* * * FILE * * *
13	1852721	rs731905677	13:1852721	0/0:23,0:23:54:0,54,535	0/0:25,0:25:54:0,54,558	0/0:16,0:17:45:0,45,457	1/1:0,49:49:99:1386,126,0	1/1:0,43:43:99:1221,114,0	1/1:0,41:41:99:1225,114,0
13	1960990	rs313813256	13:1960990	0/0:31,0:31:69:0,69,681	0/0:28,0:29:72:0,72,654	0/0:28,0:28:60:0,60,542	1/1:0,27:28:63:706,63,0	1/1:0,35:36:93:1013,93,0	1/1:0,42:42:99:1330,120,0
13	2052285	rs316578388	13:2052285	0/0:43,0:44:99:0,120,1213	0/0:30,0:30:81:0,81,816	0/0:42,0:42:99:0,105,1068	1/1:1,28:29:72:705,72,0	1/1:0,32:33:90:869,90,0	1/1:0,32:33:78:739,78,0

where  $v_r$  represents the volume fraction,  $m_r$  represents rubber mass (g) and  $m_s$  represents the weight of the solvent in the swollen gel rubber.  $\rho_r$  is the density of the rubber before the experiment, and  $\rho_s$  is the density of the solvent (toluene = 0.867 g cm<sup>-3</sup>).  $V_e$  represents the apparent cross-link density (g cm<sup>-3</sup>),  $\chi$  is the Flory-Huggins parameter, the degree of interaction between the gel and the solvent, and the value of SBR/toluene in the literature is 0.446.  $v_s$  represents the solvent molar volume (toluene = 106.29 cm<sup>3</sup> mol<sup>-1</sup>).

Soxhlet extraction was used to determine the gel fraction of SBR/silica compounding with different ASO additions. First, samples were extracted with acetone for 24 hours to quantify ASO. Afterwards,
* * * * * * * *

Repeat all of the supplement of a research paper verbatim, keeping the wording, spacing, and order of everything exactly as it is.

13	1852721	rs731905677	13:1852721	0/0:23,0:23:54:0,54,535	0/0:25,0:25:54:0,54,558	0/0:16,0:17:45:0,45,457	1/1:0,49:49:99:1386,126,0	1/1:0,43:43:99:1221,114,0	1/1:0,41:41:99:1225,114,0
13	1960990	rs313813256	13:1960990	0/0:31,0:31:69:0,69,681	0/0:28,0:29:72:0,72,654	0/0:28,0:28:60:0,60,542	1/1:0,27:28:63:706,63,0	1/1:0,35:36:93:1013,93,0	1/1:0,42:42:99:1330,120,0
13	2052285	rs316578388	13:2052285	0/0:43,0:44:99:0,120,1213	0/0:30,0:30:81:0,81,816	0/0:42,0:42:99:0,105,1068	1/1:1,28:29:72:705,72,0	1/1:0,32:33:90:869,90,0	1/1:0,32:33:78:739,78,0

where  $v_r$  represents the volume fraction,  $m_r$  represents rubber mass (g) and  $m_s$  represents the weight of the solvent in the swollen gel rubber.  $\rho_r$  is the density of the rubber before the experiment, and  $\rho_s$  is the density of the solvent (toluene = 0.867 g cm<sup>-3</sup>).  $V_e$  represents the apparent cross-link density (g cm<sup>-3</sup>),  $\chi$  is the Flory-Huggins parameter, the degree of interaction between the gel and the solvent, and the value of SBR/toluene in the literature is 0.446.  $v_s$  represents the solvent molar volume (toluene = 106.29 cm<sup>3</sup> mol<sup>-1</sup>).

Soxhlet extraction was used to determine the gel fraction of SBR/silica compounding with different ASO additions. First, samples were extracted with acetone for 24 hours to quantify ASO. Afterwards,